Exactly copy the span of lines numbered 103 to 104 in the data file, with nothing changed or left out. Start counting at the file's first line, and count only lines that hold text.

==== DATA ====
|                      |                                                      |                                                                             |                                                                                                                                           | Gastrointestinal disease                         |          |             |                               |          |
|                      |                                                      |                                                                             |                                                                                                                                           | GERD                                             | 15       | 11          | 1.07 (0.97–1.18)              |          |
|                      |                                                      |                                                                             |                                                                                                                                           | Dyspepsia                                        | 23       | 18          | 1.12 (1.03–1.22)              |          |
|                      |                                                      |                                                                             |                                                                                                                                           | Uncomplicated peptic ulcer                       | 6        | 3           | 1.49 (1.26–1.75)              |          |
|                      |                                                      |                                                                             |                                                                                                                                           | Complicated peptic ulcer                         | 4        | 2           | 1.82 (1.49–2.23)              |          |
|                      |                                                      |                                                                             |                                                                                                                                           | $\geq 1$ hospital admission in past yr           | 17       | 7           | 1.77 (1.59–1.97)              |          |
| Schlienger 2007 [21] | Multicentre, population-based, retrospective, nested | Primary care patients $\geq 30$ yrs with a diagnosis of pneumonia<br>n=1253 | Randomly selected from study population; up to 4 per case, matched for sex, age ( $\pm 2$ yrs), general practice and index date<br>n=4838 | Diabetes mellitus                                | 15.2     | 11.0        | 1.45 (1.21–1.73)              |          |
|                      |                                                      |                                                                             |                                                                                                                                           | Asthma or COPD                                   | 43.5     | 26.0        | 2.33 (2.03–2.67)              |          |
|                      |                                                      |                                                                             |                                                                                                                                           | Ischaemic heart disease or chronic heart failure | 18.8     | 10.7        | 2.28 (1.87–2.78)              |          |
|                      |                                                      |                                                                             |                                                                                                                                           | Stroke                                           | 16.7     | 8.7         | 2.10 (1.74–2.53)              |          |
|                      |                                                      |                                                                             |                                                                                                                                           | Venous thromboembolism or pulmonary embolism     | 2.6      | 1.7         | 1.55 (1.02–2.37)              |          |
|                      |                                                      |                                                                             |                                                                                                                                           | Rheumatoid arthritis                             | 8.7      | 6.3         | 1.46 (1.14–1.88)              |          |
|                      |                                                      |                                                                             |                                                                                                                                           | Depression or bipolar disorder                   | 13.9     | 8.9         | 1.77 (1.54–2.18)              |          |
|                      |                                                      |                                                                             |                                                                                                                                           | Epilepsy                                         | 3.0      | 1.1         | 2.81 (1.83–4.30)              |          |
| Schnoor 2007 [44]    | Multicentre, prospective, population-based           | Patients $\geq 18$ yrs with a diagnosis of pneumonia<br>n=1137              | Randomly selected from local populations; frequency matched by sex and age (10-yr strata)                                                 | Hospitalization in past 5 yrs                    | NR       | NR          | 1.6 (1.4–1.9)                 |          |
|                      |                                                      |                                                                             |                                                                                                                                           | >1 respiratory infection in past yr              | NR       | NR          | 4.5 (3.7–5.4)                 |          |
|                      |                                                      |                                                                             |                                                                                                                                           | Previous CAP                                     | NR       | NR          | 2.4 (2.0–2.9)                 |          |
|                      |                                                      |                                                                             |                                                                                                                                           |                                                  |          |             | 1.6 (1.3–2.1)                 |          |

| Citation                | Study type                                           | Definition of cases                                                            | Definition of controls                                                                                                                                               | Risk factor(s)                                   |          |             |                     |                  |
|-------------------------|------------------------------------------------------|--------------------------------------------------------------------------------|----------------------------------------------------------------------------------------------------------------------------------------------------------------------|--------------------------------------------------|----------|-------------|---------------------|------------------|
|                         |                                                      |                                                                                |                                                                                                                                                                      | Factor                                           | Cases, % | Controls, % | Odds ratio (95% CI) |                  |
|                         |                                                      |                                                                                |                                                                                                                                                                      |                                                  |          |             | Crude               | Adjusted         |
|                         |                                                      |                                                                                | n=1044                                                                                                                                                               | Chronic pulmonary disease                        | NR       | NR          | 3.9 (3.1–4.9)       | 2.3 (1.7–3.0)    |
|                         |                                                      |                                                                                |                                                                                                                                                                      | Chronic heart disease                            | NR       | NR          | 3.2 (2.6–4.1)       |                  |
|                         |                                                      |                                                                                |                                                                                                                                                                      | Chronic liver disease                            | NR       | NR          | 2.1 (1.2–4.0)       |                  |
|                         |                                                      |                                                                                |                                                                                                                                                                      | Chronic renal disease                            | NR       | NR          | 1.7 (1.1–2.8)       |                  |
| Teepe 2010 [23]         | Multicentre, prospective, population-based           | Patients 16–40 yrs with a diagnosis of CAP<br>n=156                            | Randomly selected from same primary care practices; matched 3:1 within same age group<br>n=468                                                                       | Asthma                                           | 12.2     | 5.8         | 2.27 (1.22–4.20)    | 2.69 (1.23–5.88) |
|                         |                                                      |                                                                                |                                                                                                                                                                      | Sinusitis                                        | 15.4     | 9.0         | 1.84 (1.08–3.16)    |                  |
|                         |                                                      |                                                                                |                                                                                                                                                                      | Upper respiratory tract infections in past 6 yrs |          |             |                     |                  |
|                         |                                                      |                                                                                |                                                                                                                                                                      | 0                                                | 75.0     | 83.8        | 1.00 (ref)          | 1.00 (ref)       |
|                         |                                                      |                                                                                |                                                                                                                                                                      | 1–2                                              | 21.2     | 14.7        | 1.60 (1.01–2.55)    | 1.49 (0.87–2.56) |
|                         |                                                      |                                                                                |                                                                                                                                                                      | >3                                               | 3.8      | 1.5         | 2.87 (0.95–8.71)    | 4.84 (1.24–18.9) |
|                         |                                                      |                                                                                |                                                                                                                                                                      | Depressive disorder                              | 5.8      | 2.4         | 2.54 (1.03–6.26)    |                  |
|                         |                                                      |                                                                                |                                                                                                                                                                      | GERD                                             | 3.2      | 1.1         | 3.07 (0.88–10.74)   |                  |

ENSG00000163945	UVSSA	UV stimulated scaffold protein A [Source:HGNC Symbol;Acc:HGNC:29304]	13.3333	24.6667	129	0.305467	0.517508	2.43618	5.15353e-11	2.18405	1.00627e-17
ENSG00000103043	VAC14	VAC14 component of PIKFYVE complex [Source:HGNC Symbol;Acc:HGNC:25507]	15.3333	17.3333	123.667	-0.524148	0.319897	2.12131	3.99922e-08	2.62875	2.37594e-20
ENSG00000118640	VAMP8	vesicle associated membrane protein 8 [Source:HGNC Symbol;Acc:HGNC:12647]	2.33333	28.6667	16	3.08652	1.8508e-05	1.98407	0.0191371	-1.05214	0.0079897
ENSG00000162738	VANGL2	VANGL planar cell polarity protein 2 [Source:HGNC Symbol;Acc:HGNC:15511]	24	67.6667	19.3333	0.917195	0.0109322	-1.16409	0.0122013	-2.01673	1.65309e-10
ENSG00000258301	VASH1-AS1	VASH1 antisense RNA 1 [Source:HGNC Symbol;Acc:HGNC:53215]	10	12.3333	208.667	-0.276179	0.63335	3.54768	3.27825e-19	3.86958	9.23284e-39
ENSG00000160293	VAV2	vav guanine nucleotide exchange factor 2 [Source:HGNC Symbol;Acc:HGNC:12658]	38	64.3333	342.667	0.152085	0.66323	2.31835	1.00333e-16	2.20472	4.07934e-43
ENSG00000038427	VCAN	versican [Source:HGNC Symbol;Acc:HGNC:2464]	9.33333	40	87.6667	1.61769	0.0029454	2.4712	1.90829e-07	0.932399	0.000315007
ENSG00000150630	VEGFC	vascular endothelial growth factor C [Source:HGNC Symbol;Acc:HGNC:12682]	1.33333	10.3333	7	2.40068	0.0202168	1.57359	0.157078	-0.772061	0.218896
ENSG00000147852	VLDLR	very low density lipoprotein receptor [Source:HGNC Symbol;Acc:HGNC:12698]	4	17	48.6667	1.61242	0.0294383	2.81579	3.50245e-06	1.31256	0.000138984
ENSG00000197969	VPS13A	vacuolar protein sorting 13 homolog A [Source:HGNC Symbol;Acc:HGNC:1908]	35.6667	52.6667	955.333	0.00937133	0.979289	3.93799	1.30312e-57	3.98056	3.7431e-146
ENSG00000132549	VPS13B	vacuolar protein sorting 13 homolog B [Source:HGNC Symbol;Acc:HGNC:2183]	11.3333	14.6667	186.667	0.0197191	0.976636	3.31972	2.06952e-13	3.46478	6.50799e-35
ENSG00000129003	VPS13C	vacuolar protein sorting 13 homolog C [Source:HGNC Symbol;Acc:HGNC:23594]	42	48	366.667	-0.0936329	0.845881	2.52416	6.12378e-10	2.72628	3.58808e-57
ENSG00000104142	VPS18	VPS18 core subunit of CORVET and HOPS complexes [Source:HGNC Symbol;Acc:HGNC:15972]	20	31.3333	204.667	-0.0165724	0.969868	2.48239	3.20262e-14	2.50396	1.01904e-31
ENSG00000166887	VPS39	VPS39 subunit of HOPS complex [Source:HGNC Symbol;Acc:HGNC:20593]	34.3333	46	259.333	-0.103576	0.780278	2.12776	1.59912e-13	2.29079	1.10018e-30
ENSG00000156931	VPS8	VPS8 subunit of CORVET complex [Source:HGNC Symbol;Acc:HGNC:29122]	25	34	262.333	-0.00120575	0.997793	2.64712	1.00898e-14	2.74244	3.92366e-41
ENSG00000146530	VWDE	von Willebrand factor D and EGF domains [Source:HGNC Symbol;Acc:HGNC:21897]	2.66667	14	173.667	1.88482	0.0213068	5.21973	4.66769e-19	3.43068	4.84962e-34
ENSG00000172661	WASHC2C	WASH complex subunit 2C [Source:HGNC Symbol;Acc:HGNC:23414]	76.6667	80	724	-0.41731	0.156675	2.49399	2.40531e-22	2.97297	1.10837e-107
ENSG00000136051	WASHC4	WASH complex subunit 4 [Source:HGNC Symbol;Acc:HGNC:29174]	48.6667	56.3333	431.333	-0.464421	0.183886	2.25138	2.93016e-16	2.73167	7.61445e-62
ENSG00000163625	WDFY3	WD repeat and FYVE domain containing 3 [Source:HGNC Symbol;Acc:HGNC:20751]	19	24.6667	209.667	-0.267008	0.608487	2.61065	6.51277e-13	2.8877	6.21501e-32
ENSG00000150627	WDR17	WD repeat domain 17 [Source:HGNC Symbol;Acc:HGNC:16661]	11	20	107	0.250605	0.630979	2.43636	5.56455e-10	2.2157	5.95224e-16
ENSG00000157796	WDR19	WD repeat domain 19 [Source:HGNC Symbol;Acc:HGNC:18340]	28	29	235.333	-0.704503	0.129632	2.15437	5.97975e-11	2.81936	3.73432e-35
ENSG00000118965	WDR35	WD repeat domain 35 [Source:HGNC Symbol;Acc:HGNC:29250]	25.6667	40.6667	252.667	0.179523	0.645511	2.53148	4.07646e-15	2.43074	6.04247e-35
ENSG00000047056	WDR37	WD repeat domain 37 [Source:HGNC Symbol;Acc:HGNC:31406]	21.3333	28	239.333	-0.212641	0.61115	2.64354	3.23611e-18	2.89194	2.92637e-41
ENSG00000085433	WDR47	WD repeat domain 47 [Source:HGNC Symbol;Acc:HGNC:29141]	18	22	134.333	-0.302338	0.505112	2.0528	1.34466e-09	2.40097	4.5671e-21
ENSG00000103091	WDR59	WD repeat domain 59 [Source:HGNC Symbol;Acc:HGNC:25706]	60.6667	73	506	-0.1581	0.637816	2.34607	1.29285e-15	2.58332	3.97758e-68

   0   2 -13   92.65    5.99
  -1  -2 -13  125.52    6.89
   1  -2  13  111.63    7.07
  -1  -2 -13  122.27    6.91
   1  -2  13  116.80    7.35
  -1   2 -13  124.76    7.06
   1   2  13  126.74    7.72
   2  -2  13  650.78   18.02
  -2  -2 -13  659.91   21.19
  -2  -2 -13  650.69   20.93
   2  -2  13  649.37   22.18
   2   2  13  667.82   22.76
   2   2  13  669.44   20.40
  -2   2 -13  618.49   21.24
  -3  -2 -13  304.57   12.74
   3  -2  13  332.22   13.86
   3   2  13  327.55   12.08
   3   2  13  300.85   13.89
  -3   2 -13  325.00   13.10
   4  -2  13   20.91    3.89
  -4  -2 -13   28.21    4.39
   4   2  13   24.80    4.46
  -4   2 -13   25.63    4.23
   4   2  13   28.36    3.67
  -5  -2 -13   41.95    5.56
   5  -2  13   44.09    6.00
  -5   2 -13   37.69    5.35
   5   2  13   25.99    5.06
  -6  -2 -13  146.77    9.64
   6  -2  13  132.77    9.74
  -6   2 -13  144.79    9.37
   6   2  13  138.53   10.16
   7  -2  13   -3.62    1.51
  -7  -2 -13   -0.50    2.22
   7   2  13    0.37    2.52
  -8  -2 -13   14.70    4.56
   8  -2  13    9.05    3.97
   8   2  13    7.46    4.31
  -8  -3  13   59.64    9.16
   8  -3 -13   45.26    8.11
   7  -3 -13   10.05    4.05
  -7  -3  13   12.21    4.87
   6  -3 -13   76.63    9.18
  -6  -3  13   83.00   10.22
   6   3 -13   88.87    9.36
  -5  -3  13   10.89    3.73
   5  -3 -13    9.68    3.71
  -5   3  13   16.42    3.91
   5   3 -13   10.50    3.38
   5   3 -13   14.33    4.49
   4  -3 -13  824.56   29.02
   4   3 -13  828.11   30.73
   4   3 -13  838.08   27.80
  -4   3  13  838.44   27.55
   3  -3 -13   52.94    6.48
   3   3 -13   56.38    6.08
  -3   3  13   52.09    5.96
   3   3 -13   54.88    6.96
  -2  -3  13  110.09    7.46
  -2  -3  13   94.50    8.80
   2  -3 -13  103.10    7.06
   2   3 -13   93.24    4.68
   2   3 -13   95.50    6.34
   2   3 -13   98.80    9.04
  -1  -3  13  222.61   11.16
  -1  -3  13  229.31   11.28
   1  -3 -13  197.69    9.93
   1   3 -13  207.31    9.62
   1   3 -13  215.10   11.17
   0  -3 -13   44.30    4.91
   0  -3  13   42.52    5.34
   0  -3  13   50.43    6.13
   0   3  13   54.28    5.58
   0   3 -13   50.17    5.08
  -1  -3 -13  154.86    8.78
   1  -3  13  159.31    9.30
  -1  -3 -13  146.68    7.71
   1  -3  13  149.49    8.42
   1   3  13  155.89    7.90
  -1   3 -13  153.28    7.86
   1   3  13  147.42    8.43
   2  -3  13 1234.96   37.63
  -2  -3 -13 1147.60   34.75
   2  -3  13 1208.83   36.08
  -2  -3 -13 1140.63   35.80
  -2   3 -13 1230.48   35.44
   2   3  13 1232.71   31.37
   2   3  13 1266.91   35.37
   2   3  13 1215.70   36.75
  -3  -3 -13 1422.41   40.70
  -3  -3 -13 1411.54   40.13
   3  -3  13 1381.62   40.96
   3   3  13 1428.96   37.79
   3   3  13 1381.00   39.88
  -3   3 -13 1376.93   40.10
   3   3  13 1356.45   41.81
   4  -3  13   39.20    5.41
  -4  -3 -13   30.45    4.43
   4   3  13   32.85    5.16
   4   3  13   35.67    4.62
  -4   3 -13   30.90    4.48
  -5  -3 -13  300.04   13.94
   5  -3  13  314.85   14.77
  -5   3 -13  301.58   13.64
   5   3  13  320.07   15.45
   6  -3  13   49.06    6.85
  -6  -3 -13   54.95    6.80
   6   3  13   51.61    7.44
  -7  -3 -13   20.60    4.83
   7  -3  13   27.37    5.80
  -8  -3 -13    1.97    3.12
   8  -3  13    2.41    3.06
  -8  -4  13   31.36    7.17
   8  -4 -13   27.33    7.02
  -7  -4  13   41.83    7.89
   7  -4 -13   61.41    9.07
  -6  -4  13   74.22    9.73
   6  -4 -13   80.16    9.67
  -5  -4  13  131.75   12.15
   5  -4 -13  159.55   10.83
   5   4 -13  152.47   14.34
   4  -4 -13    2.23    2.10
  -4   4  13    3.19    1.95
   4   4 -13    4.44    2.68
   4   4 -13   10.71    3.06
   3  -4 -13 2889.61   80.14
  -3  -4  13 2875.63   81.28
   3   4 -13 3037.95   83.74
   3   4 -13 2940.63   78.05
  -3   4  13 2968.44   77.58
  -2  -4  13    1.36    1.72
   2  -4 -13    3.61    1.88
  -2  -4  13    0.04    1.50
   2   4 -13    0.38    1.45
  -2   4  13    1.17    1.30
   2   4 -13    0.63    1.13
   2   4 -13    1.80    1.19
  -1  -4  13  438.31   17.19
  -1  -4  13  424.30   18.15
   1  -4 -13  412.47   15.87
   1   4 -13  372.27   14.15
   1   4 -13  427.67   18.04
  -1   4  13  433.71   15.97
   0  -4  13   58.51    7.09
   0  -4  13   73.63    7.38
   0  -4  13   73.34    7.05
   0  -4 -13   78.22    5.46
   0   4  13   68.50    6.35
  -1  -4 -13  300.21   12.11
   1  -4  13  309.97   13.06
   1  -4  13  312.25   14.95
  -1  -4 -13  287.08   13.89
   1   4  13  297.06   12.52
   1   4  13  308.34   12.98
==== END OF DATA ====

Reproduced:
  -6  -3  13   83.00   10.22
   6   3 -13   88.87    9.36